- Serve with molded butter. I've recently discovered that you can usesilicone molds for shaping regular butter, honey butter, or margarine. This turns your cornbread into a fancier meal for guests or a party. Just press the butter into the mold. Harden for a short time in the refrigerator or freezer and then pop it out. You can serve these molded butter on a plate or put inside paper cupcake or candy holders for easy serving.
- Let the kids make the butter. Having a party that includes kids? Keep them busy and let them help you prepare by making the butter for the cornbread. All you need is heavy cream, small plastic or glass containers with good lids, and marbles.
History of Cornbread
Did you know that cornbread is one of the main foods used by the early settlers? You probably remember that corn (maize) is an American crop developed by the Native Americans and shared with the Pilgrims. Cornmeal is a nutritious and easily stored grain that was often the cheapest and most widely eaten food of many of the pioneer settlers. They would take large bins of cornmeal with them as they traveled, or they would bring dried corn with them and then grind it for making a variety of dishes including:
- Corn pone: thicker corn dough, baked in a skillet
- Johnny Cakes: thinner cornmeal batter made with milk and eggs and cooked like a pancake.
- Hush puppies: round dough, deep fat fried
- Grits: dried corn, soaked in calcium hydroxide (a kind of salt that increases the nutritional value of the food) and then cooked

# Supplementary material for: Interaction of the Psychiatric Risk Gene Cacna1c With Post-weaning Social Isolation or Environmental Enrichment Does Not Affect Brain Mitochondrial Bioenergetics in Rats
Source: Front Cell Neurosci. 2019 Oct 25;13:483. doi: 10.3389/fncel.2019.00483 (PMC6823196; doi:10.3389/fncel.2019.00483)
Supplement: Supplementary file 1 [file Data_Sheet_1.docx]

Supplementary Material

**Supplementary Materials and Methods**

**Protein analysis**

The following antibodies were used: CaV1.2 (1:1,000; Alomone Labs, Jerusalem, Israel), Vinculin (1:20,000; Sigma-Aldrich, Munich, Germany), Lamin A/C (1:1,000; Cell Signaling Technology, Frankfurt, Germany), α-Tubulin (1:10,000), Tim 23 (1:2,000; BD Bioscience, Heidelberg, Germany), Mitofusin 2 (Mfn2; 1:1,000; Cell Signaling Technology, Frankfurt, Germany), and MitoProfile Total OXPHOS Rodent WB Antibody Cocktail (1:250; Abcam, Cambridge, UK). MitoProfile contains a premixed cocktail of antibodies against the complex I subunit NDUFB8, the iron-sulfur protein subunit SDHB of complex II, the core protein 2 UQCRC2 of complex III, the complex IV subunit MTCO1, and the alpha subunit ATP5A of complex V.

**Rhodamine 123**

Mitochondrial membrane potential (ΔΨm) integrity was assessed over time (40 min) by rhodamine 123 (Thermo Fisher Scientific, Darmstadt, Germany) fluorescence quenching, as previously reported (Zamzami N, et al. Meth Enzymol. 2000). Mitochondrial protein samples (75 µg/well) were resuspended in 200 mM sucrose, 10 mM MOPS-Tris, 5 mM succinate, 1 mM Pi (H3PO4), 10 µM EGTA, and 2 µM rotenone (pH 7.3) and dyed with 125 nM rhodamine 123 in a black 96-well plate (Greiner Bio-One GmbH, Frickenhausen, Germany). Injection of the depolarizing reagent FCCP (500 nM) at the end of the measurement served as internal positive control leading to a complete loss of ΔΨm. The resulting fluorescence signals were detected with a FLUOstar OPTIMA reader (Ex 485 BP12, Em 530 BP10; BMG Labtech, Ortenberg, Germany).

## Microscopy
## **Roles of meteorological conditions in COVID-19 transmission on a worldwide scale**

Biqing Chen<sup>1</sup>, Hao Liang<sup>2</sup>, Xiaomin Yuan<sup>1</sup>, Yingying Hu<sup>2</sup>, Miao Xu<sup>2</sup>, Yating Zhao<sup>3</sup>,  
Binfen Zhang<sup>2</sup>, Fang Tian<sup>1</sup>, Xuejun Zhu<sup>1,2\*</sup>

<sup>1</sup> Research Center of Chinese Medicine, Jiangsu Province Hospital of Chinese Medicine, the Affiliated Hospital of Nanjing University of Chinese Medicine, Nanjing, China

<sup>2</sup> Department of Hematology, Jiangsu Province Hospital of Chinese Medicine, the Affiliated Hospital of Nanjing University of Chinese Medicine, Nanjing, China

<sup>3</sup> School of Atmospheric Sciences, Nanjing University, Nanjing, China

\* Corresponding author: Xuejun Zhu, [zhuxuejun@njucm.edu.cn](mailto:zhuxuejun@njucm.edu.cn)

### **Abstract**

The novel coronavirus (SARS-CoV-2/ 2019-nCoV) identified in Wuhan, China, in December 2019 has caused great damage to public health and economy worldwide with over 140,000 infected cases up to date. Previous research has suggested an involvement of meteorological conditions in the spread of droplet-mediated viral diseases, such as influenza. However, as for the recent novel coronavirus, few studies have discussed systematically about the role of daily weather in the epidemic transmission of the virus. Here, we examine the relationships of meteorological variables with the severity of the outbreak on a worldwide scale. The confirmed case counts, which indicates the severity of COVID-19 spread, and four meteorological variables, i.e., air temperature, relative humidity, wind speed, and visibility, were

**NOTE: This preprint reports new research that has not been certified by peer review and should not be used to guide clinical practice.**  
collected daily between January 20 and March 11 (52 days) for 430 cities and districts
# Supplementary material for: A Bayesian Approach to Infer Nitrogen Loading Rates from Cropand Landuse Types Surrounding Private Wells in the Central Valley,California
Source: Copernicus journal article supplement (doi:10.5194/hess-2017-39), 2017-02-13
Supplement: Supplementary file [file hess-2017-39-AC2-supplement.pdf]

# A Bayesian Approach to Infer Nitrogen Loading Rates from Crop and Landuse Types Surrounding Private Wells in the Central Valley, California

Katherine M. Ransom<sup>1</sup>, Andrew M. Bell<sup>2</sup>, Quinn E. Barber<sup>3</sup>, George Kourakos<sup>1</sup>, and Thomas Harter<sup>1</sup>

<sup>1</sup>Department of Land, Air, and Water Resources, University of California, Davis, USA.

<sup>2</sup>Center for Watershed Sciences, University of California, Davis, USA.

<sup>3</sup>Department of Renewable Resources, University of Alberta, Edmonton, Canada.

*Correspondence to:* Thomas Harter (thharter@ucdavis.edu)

- Hominy: softened corn grains, ground and mashed to make dough for corn tortillas and tamales
Cornbread and Native Americans
Thousands of years before the English came to America, the Native Americans had developed corn through a breeding program from a plant with small grains into one with much larger grains. Used in many parts of the United States, the development of corn allowed the Native Americans to live in permanent settlements rather than remaining as hunter-gatherers.
Cornbread and the Civil War
Both sides of the Civil War relied on cornmeal as a staple to feed their soldiers. Cornbread can be baked, fried, steamed into pudding, or cooked in a skillet, so it could be cooked no matter what the circumstances the soldiers found themselves in.
Paula from The Midwest, USA on January 15, 2015:
Hi Virginia, I too love cornbread with chili and other soups. When I saw the title of this hub, I was excited, for I grew up in an area where we were able to go to Marie Calendar's restaurant on occasion. They had great food and pies, and I remember it like it was yesterday. Their cornbread was so good too. So I am excited to try this recipe, thank you for sharing it!